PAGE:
The loss of Sean Price two years ago today is still heavy on the minds of many within the Hip-Hop community. We take a look back at the career of Decepticon Sean from Heltah Skeltah to his solo career and beyond.
Born March 17, 1972, in Brooklyn, New York, the early part of Price’s life has only been revealed in bits and pieces. What is readily known is that he and his Heltah Skeltah partner Rock were childhood friends who fell in the rapping game on the heels of Black Moon and the early formation of the Boot Camp Clik with Smif-N-Wesun, The Representativz, and O.G.C. Price, also known as Ruck, made his official debut on Tek and General Steele’s classic 1995 debut album, Dah Shinin’ with the rest of the BCC.
Ruck and Rock’s debut as Heltah Skeltah came the following year with Nocturnal, bolstered by the “Operation Lockdown” single. The crew’s follow up, Magnum Force, was not well received by the public despite the notable emergence of Price as an equal rapper to the widely-regarded Rock.
With the BCC seemingly split with the rise of Ruck and Rock’s new Magnum Force Clik, the turn of the century found Ruck using his birth-given name and shedding his connection to either collection of crews. 2001’s “Don’t Say Sh*t To Ruck” was a reintroduction to the masses for Price, signaling a new determination and focus with underground veteran and producer Agallah Da Don and other rising beatsmiths.
After his 2003 mixtape with P.F. Cuttin, Donkey Sean Jr., established Price as a force, he reconnected with Duck Down Records, now one of the better independent labels that survived the crush of the 21st Century. Price’s 2005 solo debut, Monkey Barz, was more of what fans wanted from the burly Brooklyn bomber — hard rhymes and harder beats.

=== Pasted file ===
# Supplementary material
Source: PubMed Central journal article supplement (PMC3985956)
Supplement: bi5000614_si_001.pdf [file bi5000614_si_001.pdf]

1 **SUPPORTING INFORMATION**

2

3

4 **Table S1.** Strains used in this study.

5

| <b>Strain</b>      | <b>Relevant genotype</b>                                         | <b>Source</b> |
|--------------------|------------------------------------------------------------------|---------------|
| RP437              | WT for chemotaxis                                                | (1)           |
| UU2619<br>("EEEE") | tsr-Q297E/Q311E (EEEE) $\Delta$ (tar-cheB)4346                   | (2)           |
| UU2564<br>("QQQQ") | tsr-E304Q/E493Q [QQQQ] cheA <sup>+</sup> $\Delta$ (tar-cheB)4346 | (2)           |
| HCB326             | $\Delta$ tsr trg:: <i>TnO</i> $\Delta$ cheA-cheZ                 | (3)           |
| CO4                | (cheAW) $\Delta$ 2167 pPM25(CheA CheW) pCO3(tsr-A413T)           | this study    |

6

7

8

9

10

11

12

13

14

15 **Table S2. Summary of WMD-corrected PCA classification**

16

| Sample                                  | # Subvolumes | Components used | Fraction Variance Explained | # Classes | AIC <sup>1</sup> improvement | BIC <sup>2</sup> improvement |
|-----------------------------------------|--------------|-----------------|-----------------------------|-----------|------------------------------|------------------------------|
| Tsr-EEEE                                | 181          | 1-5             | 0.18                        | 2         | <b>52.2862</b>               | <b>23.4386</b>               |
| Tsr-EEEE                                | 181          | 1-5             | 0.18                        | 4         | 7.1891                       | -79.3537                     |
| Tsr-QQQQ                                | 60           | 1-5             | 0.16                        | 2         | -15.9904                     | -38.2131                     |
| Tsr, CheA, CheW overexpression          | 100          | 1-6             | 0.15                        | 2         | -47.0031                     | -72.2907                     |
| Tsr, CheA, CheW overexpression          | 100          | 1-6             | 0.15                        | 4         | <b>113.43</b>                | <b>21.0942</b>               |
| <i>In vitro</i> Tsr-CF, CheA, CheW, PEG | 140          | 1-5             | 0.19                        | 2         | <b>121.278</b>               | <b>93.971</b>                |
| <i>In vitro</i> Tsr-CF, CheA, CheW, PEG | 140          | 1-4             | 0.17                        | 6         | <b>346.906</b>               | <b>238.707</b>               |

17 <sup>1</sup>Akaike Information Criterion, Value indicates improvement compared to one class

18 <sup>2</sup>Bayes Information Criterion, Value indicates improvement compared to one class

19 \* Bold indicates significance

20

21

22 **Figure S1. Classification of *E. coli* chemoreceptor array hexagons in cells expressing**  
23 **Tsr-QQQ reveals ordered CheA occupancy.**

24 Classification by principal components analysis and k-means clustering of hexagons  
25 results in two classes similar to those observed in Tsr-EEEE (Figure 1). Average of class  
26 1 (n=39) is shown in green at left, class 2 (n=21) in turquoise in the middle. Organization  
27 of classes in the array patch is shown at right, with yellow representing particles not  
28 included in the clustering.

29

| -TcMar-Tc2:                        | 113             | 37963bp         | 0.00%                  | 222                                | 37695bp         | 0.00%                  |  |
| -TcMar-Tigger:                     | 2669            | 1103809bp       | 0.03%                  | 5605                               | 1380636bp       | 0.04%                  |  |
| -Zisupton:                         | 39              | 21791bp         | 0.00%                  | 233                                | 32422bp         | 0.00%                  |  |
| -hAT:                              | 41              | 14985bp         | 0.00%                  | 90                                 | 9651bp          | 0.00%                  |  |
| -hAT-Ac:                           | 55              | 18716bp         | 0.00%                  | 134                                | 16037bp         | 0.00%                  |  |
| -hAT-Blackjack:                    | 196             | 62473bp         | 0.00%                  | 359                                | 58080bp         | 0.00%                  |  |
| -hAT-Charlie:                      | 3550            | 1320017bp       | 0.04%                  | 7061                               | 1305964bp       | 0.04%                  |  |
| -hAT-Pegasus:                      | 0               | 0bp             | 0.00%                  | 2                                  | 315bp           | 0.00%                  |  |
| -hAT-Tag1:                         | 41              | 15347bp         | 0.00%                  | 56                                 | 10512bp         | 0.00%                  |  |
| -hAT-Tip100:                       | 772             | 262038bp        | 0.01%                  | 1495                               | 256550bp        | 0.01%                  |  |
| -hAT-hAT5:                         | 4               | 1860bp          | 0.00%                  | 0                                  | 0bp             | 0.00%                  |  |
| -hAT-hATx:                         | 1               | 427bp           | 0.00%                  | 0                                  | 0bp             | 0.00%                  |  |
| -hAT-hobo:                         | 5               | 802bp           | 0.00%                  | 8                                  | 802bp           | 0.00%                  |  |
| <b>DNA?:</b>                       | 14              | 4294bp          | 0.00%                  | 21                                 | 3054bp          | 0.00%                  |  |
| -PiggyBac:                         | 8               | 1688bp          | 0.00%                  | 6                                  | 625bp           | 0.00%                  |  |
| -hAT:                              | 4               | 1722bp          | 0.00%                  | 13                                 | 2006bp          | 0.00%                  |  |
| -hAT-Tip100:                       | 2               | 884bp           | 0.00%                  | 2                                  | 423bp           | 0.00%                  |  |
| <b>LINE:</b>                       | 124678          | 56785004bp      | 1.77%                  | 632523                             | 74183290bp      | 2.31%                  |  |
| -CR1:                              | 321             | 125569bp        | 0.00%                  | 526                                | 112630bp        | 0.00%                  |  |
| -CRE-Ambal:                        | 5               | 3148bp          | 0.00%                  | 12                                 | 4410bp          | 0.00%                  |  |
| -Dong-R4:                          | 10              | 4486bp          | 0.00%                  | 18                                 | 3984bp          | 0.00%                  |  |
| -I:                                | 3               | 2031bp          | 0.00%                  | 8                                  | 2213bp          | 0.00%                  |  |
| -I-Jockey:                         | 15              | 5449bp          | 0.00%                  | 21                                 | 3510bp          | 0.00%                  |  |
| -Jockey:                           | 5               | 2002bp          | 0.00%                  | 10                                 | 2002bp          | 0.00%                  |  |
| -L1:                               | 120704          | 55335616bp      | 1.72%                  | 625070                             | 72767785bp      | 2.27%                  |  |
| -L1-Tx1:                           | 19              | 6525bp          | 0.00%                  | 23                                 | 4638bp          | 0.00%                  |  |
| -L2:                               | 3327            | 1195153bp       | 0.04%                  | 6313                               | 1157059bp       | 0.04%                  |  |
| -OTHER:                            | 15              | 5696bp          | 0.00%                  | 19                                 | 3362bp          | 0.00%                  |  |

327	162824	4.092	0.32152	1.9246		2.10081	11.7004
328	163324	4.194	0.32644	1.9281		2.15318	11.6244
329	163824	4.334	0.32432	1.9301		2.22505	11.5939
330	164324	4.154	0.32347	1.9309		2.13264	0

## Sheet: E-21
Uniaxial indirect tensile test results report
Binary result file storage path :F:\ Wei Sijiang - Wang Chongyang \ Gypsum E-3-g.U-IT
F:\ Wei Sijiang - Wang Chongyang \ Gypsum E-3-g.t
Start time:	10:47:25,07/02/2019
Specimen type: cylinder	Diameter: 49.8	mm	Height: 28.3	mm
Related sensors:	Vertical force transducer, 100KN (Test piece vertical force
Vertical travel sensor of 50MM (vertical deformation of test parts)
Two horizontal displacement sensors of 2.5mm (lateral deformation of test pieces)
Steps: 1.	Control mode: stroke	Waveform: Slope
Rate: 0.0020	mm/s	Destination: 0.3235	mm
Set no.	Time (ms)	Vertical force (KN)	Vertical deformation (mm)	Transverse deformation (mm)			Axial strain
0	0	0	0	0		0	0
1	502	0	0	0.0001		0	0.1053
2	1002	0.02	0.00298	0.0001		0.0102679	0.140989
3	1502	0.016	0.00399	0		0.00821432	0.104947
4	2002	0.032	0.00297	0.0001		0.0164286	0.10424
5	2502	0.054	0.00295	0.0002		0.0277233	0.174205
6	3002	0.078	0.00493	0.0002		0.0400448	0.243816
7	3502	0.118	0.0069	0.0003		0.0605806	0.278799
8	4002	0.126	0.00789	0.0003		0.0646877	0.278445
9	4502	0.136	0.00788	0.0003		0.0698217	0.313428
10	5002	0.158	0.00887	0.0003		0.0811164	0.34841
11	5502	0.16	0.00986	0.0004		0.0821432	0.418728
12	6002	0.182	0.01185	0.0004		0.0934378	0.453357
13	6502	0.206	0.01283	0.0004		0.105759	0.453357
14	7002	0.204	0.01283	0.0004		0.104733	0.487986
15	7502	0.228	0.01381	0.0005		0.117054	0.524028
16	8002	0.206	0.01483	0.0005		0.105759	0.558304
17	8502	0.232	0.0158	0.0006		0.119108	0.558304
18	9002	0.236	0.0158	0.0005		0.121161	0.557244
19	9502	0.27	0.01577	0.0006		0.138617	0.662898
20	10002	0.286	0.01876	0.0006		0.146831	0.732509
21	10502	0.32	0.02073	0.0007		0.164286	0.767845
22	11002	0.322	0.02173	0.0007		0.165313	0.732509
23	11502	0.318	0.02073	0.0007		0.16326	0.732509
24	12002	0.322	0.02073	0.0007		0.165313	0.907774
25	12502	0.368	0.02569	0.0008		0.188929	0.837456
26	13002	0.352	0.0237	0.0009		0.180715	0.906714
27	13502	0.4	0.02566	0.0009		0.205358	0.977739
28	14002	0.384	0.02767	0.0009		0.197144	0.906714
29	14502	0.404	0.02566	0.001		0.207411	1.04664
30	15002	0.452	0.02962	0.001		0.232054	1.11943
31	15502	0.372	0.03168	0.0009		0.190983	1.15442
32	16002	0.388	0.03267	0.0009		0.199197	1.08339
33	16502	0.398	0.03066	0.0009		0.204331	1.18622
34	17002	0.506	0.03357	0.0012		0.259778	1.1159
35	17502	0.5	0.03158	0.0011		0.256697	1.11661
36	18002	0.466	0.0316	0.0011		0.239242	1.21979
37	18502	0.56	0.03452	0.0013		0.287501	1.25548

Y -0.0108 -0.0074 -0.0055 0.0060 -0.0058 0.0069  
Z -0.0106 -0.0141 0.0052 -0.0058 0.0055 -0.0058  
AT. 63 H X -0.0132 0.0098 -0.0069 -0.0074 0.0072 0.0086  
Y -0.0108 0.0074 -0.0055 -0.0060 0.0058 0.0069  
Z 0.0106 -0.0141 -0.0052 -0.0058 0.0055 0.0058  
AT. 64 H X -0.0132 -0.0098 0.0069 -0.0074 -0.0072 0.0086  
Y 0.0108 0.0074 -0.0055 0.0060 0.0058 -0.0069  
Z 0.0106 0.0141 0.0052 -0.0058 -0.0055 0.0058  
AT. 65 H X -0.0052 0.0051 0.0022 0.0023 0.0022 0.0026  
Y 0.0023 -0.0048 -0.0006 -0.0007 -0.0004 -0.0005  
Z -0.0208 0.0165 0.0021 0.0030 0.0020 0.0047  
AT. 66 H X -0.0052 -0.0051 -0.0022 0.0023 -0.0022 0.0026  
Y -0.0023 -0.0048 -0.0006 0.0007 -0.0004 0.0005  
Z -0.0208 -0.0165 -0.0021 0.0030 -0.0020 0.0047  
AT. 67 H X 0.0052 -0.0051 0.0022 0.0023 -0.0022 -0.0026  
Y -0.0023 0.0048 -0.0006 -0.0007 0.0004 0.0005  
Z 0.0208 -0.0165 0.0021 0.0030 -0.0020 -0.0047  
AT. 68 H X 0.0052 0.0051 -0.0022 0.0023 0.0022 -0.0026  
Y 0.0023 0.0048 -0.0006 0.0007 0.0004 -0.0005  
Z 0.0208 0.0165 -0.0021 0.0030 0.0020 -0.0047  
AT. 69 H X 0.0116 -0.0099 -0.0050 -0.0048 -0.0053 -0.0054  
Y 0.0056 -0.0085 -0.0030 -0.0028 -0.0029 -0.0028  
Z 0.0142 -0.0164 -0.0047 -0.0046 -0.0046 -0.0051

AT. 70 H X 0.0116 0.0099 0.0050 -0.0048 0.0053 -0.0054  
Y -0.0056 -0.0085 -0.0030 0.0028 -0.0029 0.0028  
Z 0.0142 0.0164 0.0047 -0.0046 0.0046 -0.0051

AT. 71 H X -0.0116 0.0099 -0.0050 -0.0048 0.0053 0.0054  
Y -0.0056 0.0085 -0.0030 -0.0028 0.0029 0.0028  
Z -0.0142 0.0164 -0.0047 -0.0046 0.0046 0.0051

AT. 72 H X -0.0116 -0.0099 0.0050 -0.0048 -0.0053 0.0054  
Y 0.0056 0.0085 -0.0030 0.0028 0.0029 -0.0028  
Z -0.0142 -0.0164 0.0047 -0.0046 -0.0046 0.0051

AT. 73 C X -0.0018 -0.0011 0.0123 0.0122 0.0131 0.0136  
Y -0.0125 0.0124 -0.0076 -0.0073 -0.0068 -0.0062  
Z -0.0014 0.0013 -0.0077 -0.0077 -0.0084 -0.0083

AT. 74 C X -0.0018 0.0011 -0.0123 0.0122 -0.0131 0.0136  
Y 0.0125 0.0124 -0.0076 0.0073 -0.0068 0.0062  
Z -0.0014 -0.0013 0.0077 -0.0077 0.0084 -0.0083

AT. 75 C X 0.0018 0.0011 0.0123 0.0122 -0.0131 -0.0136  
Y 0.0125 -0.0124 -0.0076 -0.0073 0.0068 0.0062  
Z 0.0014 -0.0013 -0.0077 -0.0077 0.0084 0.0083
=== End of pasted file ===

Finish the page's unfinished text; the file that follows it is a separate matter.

Price released two more albums while alive, 2007’s Jesus Price Superstar, featuring production from 9th Wonder, Illmind, and Khrysis among other notables. In that time, Heltah Skeltah reunited for the potent D.I.R.T. album in 2008, and in 2012, Price dropped his third album and highest-charting project, Mic Tyson. There were also mixtape projects such as Master P, Kimbo Price, and Songs In The Key Of Price. Ruck was also part of the Random Axe trio with producer/rapper Black Milk and Guilty Simpson, the latter two of the group being from Detroit.
Today (Aug. 8), Duck Down released Price’s Imperius Rex, reminding many of the potency of Ruck’s pen game. For some fans, it might be a tough listen as the world continues to mourn the loss of one of Hip-Hop’s greatest rhyme spitters. While Price wasn’t concerned with polish or weighty concepts in his verses, he brought an undeniable level of consistency each time he approached a track.
We’ve collected 10 of our favorite tracks from Tawl Sean although it’s fair to say he has given the world dozens of classic verses. You can find our favorites on the following pages but as an appetizer, we’ve posted a couple of offerings of Sean Price’s prowess and comedic timing that should motivate aspiring rappers to throw out their rhymes and try again.
R.I…P! to the great Sean Price. Thank you for everything you gave us.